In the twentieth century American technology became a dominant
feature in major sectors of British life: mass production methods pioneered
by Henry Ford, manned flight, skyscrapers, and computers, to name a
few. In areas such as pure science, a great deal of reciprocity continued,
as, for example, in the discovery of DNA by the British-American team
of James Watson and Francis Crick.
Sketch of Steamboat,
Ink and pencil.
Library of Congress (133)
The Steam Boat
The idea of using steam power to propel
boats occurred to American inventors soon after the potential
of Watt's new engine became known. John Fitch (1743-1798)
is generally conceded to have been the United States's
pioneer in steam navigation. He successfully launched
and operated a steam powered vessel on the Delaware River
on August 22, 1787, in the presence of members of the
Constitutional Convention. Here is one of Fitch's early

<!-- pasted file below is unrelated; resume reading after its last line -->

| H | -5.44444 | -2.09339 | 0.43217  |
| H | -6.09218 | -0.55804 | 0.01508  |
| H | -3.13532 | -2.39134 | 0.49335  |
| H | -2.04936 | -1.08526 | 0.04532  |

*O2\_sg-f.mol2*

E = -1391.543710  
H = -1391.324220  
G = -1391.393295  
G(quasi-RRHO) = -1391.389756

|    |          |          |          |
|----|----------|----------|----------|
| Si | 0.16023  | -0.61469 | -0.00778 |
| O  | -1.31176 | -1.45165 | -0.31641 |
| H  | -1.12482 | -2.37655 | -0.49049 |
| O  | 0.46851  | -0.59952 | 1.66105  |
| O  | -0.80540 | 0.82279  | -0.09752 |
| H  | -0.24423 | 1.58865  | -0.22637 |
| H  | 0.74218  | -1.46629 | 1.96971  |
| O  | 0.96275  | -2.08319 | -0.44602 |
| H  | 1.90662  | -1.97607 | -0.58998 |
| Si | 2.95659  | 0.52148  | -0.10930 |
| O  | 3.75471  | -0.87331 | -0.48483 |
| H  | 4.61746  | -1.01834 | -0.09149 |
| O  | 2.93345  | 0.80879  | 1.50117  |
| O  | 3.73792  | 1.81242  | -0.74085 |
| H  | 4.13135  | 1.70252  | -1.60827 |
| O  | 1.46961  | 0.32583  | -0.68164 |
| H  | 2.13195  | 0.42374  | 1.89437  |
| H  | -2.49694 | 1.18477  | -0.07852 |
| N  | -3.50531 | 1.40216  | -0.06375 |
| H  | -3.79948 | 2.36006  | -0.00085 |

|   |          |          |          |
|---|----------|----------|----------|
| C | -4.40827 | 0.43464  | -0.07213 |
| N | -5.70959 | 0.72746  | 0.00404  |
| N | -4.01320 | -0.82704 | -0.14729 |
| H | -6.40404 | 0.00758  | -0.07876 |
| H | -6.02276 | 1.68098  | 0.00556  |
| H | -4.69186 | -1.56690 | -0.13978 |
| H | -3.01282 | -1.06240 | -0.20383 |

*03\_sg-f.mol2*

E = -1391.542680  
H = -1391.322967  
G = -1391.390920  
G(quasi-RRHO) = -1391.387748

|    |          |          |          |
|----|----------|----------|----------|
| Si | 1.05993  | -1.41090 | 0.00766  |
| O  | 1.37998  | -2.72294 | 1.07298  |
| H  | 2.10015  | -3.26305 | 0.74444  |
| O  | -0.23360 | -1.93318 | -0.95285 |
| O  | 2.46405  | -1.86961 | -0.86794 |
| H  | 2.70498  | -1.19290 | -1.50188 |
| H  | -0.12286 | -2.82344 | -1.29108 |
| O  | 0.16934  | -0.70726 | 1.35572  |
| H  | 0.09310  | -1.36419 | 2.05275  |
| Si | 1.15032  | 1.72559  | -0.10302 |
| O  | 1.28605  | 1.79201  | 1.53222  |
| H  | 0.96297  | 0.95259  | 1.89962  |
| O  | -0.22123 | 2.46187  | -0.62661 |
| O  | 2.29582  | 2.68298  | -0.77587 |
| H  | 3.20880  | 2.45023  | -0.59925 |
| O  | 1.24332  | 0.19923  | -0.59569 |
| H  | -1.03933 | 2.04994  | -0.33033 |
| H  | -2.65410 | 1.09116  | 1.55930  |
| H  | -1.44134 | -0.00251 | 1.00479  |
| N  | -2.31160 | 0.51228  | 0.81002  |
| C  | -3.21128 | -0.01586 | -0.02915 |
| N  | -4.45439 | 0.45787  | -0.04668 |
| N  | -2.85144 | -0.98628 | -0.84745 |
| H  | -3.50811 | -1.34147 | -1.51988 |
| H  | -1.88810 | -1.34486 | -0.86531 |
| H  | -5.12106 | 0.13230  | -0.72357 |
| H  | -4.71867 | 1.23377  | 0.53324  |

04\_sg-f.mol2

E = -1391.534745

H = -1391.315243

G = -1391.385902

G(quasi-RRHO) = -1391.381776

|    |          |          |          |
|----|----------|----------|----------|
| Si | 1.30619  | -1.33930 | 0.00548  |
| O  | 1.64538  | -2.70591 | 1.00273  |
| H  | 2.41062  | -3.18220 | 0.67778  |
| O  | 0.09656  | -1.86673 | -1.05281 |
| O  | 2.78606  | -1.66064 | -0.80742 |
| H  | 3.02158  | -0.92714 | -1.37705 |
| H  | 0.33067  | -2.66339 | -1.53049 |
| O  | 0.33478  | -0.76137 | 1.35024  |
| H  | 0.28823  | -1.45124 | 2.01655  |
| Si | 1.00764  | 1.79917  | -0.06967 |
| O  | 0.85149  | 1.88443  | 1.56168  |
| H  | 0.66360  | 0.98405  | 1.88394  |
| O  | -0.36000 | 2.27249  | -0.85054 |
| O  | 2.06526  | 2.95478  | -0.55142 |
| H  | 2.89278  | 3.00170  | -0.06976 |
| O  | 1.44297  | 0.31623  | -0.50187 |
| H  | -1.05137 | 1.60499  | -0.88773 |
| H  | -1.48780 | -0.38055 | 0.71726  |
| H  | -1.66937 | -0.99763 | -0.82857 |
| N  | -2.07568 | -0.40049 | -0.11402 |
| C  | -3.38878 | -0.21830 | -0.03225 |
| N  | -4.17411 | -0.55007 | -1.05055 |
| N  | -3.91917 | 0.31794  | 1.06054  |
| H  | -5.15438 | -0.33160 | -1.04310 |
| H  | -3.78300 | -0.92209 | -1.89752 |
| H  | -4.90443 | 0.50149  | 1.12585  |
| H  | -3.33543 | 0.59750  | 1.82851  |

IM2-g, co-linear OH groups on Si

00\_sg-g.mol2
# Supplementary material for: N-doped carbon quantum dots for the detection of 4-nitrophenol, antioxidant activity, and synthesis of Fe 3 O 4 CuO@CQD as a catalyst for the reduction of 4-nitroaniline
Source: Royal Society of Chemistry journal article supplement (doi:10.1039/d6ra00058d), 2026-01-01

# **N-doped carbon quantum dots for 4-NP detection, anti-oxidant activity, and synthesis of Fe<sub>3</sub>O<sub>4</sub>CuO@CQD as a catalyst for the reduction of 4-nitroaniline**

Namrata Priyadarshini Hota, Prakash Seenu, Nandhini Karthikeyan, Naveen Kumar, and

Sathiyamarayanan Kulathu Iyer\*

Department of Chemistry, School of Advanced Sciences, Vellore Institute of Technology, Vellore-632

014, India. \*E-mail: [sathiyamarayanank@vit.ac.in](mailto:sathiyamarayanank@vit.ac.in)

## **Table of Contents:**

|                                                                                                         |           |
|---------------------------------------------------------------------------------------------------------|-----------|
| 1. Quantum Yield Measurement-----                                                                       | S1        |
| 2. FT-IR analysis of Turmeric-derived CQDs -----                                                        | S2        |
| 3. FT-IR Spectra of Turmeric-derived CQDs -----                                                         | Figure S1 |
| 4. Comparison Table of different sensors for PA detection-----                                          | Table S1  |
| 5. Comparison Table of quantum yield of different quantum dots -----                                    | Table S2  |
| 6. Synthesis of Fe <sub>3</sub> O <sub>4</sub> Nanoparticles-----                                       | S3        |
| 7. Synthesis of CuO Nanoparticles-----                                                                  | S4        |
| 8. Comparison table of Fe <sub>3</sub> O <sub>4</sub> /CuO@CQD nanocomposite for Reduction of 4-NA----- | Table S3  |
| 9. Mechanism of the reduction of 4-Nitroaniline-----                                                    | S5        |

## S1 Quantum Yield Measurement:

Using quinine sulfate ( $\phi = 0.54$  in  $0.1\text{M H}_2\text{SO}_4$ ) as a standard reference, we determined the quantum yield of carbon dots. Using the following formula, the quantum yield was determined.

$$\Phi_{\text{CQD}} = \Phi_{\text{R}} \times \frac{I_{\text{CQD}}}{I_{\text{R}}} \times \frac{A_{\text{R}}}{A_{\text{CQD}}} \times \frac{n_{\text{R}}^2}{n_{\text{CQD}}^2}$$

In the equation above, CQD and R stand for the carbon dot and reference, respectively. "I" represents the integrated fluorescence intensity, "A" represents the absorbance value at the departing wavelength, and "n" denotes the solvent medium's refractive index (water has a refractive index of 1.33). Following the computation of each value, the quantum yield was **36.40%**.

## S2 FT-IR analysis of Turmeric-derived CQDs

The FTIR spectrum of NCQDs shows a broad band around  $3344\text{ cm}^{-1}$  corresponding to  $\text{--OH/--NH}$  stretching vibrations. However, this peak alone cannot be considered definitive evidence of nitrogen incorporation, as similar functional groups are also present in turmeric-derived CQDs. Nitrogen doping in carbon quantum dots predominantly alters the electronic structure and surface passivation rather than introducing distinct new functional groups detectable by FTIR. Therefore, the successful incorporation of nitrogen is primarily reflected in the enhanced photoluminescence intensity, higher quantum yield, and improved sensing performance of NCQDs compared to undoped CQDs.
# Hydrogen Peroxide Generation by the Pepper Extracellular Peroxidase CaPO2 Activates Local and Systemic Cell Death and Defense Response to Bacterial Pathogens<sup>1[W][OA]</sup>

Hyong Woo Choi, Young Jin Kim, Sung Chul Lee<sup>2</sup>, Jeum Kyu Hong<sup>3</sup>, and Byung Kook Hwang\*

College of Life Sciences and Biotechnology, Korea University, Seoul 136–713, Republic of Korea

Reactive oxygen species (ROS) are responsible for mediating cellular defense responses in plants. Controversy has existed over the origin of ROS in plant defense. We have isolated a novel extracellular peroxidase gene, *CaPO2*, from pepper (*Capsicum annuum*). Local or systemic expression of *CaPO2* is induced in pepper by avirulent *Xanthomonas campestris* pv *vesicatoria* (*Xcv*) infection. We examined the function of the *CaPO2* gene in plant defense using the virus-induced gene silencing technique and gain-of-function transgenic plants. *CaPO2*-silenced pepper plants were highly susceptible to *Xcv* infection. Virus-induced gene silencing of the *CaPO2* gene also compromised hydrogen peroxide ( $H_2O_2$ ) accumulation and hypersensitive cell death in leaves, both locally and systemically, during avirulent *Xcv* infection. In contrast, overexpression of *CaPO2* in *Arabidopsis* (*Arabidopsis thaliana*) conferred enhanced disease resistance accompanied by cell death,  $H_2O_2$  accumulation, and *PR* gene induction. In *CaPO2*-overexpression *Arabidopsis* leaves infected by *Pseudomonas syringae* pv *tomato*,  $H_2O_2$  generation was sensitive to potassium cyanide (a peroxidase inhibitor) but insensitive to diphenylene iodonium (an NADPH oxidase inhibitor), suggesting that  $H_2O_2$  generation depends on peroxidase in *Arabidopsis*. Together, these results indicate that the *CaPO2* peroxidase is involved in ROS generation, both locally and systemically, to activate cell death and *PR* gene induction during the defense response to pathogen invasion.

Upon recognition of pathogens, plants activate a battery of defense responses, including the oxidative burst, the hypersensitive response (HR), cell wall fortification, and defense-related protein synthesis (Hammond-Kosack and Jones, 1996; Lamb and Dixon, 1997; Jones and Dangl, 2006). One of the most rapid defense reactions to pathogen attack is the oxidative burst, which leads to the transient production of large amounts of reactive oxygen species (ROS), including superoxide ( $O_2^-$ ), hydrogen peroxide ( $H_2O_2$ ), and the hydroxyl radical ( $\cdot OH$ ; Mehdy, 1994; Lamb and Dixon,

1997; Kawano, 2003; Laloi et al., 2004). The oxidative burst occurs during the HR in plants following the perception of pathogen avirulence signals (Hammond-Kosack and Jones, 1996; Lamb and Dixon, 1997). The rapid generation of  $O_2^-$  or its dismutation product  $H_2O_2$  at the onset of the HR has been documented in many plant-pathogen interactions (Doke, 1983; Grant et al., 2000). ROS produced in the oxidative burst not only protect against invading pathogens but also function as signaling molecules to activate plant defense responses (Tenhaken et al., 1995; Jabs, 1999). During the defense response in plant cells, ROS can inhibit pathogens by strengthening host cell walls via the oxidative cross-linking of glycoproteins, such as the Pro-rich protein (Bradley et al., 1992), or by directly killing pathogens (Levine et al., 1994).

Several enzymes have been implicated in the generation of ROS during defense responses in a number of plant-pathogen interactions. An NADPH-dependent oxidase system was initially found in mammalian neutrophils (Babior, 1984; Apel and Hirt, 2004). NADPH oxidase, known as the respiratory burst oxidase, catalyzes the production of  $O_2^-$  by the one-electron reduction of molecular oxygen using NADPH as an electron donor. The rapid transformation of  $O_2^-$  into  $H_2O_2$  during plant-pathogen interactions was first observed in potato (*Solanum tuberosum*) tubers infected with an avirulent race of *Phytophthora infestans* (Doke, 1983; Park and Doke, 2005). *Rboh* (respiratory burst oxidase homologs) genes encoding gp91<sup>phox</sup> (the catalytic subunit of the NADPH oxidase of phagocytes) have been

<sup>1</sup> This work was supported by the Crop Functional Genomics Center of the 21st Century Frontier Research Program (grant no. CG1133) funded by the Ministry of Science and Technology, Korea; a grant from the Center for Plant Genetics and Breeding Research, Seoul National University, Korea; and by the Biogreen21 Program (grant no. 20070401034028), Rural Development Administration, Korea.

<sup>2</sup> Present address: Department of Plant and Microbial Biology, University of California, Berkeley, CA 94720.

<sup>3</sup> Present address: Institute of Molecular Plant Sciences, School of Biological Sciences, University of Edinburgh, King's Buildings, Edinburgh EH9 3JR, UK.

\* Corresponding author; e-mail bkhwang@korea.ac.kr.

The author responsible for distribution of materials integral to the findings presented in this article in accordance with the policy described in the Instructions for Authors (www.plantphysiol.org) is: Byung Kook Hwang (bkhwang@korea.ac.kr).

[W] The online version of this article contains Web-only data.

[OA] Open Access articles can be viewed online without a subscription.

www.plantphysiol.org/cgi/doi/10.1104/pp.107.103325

sketches of a steam boat.
The St. Louis Bridge
The famous iron arch bridge, spanning
the Mississippi River at St. Louis, is often called the
Eads Bridge in honor of James B. Eads (1820-1889), who
designed it in 1867 and saw it through to completion in
1874. When challenged about the practicality of his design,
Eads cited Telford's London bridge design of 1800.
The Great Centennial Exhibition
Critically Described and Illustrated.
Philadelphia: P. W. Ziegler & Co., 1876.
Illustration facing p. 409.
General Collections, Library of Congress (135)
Benjamin Henry Latrobe.
Design for the Washington Canal,
Prints and Photographs
Division, Library of Congress (137)